Thursday, 27 August 2015

Communication: Active vs Passive Choosing

Here’s something you can try at home!

Remember a time you made what we here at Impact Factory call an active choice.  That is, you were involved in the whole process, made your feelings and thoughts know and perhaps even drove the decision. 

This can be any decision at all – whether to cook, go out for dinner or get a take-away; whether you should hire that marketing company or manage things in-house; what holiday to go on; what school to send your kids to; whether to replace the printer.

What matters is that you were an active participant in the decision.

Once you’ve identified the decision, unpick how you felt:  relieved, satisfied, doubtful, unsure, energised?

Now remember a time when you made what we call a passive choice. This is where you knew a decision had to be made but you let it happen without your input.

Again, unpick how you felt once the decision had been made:  aggrieved, relieved, put out, disappointed?

When we actively choose something, even if in the end it was a mistake or could have been done differently, we usually feel more energised, we feel our views have relevance; we feel more engaged with the decision and feel a certain amount of ownership (yes, even with the take-away!).

On the other hand, if we are passive and decisions happen anyway, we are much more likely to feel angry (“Why the hell did she get Thai?”), hard done by (“I didn’t want Thai, I wanted a pizza.”), victimised (“She should have known I wanted pizza.”) and generally dissatisfied with how things turn out.

The interesting thing for me when I think of this in terms of communication is that for some people there seems to be a reticence and reluctance to get involved in the decision-making process and yet will be incredibly vocal if the decision made isn’t what they really want.

This is true across the board, whether the decision is work-related or family and friends related. 

Now sometimes it can be quite comforting to let someone else make the decision especially if you are overloaded. That’s fine either if you are in agreement with the decision, or, if you aren’t, you are able to be pragmatic enough to accept the consequences and not blame anyone else for ordering the wrong takeaway, printer or marketing company.

Where the difficulty lies is when you aren’t in agreement with the decision and you haven’t an ounce of pragmatism to accept what happens.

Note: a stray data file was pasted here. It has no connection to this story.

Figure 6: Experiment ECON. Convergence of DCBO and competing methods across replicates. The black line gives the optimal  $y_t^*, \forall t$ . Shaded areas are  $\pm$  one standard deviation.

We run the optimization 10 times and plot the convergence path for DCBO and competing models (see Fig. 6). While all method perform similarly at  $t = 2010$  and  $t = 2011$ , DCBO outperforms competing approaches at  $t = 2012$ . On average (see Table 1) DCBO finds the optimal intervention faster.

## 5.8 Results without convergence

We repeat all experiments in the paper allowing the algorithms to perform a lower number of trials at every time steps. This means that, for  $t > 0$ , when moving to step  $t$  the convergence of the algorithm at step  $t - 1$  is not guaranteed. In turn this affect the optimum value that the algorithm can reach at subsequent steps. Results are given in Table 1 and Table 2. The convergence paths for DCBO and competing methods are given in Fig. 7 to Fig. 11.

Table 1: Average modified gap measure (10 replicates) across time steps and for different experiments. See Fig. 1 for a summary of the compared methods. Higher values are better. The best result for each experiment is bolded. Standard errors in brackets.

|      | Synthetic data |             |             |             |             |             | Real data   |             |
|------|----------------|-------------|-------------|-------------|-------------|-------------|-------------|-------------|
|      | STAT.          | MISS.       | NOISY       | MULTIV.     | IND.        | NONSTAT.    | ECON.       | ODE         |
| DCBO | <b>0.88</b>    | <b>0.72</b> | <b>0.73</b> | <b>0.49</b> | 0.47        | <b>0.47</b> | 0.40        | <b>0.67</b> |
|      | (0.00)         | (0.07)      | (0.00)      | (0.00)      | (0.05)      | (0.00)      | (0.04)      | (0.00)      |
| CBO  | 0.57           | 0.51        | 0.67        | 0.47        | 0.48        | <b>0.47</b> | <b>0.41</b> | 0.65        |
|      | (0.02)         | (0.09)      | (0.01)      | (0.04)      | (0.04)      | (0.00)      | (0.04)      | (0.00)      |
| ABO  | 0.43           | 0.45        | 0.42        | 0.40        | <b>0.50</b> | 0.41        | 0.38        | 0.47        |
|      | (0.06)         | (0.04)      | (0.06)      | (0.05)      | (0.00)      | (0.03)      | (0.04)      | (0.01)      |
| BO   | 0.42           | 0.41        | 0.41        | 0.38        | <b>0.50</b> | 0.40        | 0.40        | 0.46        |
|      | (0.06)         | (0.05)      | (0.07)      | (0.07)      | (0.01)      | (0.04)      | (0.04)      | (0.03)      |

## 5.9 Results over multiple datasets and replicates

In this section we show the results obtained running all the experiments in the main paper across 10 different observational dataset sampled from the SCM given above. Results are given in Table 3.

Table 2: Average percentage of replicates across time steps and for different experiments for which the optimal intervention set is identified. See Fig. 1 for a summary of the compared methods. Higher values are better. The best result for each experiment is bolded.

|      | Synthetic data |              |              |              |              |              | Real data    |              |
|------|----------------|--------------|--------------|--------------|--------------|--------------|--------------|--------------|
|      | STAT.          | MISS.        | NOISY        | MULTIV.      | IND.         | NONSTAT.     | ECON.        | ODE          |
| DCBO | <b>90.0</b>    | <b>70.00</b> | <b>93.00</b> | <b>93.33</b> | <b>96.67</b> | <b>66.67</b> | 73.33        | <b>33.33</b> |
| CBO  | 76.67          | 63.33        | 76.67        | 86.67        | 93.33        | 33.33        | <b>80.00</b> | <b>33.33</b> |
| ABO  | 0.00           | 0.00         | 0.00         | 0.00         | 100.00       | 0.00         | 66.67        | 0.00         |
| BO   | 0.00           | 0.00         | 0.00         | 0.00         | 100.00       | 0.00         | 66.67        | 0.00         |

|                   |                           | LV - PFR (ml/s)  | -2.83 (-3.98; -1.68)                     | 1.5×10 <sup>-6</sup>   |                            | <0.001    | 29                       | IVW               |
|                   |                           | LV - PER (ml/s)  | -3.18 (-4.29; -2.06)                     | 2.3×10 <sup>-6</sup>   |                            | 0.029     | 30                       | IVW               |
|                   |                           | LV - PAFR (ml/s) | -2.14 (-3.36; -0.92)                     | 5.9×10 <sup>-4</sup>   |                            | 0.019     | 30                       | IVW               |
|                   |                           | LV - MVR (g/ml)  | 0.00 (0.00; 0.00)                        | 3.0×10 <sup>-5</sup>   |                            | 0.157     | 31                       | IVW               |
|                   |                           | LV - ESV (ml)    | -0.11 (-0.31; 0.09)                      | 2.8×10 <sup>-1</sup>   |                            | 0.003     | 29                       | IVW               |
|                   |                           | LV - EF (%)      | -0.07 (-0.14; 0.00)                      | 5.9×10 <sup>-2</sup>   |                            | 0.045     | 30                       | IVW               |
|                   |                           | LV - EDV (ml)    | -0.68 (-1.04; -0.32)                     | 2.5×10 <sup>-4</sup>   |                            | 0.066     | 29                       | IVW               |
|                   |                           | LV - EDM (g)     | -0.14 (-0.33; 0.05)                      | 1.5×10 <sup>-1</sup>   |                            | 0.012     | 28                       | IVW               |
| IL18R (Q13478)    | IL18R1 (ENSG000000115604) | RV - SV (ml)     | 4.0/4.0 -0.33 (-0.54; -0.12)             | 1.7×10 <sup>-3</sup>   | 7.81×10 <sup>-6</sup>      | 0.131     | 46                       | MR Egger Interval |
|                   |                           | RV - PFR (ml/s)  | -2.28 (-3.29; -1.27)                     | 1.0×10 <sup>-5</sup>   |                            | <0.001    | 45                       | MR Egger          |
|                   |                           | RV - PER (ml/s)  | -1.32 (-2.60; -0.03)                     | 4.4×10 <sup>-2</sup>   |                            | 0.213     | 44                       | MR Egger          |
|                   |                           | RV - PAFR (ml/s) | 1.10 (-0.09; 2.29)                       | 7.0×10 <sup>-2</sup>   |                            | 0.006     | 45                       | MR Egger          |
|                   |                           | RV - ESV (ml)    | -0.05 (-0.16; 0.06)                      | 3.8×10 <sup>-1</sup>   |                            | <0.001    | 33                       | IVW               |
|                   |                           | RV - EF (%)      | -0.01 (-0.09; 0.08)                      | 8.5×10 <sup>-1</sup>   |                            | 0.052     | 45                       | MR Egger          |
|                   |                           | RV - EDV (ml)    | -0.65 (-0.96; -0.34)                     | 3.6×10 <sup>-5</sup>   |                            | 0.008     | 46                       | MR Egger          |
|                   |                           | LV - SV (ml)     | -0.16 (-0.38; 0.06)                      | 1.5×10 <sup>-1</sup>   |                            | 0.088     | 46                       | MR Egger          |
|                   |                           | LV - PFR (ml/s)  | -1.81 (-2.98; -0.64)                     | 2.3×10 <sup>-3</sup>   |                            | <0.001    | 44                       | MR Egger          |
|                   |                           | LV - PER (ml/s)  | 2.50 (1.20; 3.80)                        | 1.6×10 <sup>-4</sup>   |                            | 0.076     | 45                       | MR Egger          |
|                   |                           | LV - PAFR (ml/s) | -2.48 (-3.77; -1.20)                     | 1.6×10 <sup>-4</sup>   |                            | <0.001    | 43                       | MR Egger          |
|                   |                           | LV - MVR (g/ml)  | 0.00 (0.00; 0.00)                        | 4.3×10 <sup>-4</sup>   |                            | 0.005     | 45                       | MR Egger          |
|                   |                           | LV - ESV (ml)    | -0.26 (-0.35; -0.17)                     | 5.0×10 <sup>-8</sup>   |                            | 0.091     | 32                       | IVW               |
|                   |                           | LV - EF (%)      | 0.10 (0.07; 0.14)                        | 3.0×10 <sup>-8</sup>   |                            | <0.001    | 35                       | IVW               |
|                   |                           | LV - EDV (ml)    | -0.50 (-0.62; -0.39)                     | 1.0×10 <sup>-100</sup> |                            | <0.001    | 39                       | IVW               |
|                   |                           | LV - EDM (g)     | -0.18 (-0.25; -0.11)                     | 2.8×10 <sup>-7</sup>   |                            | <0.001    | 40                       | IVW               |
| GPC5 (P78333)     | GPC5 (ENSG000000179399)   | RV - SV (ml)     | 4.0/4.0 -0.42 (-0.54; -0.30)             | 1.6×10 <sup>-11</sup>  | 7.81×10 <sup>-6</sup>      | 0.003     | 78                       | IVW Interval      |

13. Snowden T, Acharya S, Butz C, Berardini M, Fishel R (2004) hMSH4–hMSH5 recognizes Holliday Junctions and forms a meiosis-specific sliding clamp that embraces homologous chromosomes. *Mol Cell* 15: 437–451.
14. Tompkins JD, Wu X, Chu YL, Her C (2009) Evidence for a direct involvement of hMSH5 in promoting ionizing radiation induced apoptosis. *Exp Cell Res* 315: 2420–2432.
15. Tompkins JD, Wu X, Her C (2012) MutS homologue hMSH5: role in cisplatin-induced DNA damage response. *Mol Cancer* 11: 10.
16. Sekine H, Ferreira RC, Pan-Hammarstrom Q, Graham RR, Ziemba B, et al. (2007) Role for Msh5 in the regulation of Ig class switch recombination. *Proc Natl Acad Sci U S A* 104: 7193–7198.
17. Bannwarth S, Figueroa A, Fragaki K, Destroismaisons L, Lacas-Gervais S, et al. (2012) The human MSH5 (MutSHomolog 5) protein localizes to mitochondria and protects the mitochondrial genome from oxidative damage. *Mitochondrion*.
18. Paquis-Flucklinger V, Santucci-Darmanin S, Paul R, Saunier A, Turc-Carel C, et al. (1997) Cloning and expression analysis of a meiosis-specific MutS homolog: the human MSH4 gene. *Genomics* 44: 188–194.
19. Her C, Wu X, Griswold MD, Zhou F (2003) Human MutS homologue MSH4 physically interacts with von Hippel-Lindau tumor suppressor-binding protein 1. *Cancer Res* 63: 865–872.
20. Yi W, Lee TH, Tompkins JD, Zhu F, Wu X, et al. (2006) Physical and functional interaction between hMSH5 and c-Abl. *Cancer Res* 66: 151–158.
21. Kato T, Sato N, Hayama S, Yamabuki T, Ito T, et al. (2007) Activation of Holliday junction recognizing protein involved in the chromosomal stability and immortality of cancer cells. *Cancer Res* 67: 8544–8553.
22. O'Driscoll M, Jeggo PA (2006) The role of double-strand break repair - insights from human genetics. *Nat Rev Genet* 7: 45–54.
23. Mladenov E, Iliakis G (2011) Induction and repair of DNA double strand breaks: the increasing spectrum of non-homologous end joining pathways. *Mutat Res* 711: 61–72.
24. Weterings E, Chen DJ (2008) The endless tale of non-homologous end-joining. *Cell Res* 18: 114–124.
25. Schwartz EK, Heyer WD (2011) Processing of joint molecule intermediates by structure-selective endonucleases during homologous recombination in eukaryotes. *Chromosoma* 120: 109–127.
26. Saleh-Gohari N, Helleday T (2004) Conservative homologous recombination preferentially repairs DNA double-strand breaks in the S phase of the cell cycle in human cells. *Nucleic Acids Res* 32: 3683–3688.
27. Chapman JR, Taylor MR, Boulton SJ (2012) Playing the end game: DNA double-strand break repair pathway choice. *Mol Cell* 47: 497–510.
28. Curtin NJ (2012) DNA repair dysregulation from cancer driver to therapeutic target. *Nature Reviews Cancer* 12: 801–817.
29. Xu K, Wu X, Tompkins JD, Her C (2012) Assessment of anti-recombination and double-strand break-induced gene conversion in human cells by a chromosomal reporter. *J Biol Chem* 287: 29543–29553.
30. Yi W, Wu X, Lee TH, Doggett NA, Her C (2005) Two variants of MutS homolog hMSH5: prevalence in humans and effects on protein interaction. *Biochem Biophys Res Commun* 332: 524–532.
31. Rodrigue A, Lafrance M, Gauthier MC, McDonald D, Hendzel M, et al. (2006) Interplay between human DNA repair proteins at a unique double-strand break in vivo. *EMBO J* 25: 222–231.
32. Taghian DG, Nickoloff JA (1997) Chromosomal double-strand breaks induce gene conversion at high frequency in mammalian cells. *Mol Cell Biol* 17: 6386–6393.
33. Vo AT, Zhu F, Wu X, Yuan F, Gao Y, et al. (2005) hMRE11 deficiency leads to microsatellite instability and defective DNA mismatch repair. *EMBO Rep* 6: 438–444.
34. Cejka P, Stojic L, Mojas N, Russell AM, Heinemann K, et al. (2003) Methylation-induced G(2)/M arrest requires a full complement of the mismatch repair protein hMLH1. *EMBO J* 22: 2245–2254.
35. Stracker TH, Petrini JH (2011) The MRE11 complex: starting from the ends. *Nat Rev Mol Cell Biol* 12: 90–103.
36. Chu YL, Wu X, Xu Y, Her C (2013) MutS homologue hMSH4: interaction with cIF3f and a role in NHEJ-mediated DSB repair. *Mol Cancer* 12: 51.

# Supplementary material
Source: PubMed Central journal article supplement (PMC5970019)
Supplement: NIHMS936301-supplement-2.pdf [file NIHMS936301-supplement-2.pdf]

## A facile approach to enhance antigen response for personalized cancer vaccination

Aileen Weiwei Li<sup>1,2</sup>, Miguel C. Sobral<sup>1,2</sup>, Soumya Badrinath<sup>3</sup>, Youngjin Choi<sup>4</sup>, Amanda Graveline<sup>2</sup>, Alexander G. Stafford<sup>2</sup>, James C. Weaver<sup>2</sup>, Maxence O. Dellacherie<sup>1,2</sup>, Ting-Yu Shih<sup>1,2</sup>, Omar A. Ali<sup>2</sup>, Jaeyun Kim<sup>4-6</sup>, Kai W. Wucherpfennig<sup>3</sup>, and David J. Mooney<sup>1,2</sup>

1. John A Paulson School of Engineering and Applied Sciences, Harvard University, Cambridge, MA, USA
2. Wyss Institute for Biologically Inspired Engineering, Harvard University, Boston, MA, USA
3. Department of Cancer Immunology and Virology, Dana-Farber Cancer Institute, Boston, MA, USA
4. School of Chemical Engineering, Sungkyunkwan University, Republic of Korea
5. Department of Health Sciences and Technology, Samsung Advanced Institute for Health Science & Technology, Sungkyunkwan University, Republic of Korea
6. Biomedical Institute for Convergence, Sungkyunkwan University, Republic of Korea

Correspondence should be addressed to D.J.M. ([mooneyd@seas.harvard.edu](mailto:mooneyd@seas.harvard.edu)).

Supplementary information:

Passive choosing tends to produce negative emotions in people and they fall into destructive thinking, fault-finding, floundering, discontent; additionally, they will often stir things up amongst colleague, friends or family members looking for allies and dissing those they think have caused all the problems, or what they perceive as problems.

Active choosing, on the other hand, helps improve peoples’ problem-solving abilities, they will look for opportunities and options; it helps energise their can-do attitude and they feel more connected and responsible.

People do tend to fall into one camp or another. Not always, but more often than not, people who are passive choosers will tend to be passive choosers in a lot of aspects of their lives and conversely, people who are active choosers will tend to be active in most aspects of their lives.

Which are you?

If you’re an active chooser, well my advice is to keep on being active as it will continue to be beneficial.

If you are a passive chooser, the process of changing to become more active may be a bit trickier than you’d like, so I recommend starting small. I know someone who would say he didn’t know what he wanted so whatever everyone else wanted was OK by him.

Except it wasn’t. He really did know what he wanted but he was afraid of being shouted down, ridiculed and humiliated so it was easier for him to remain passive and suffer the consequences.

So even if you can’t initially verbalise what you want, make a decision in your head (“I really want pizza.”).  Then see if you can take the next small step by asking a question, “I’m fine with Thai but is anyone else is interested in pizza?”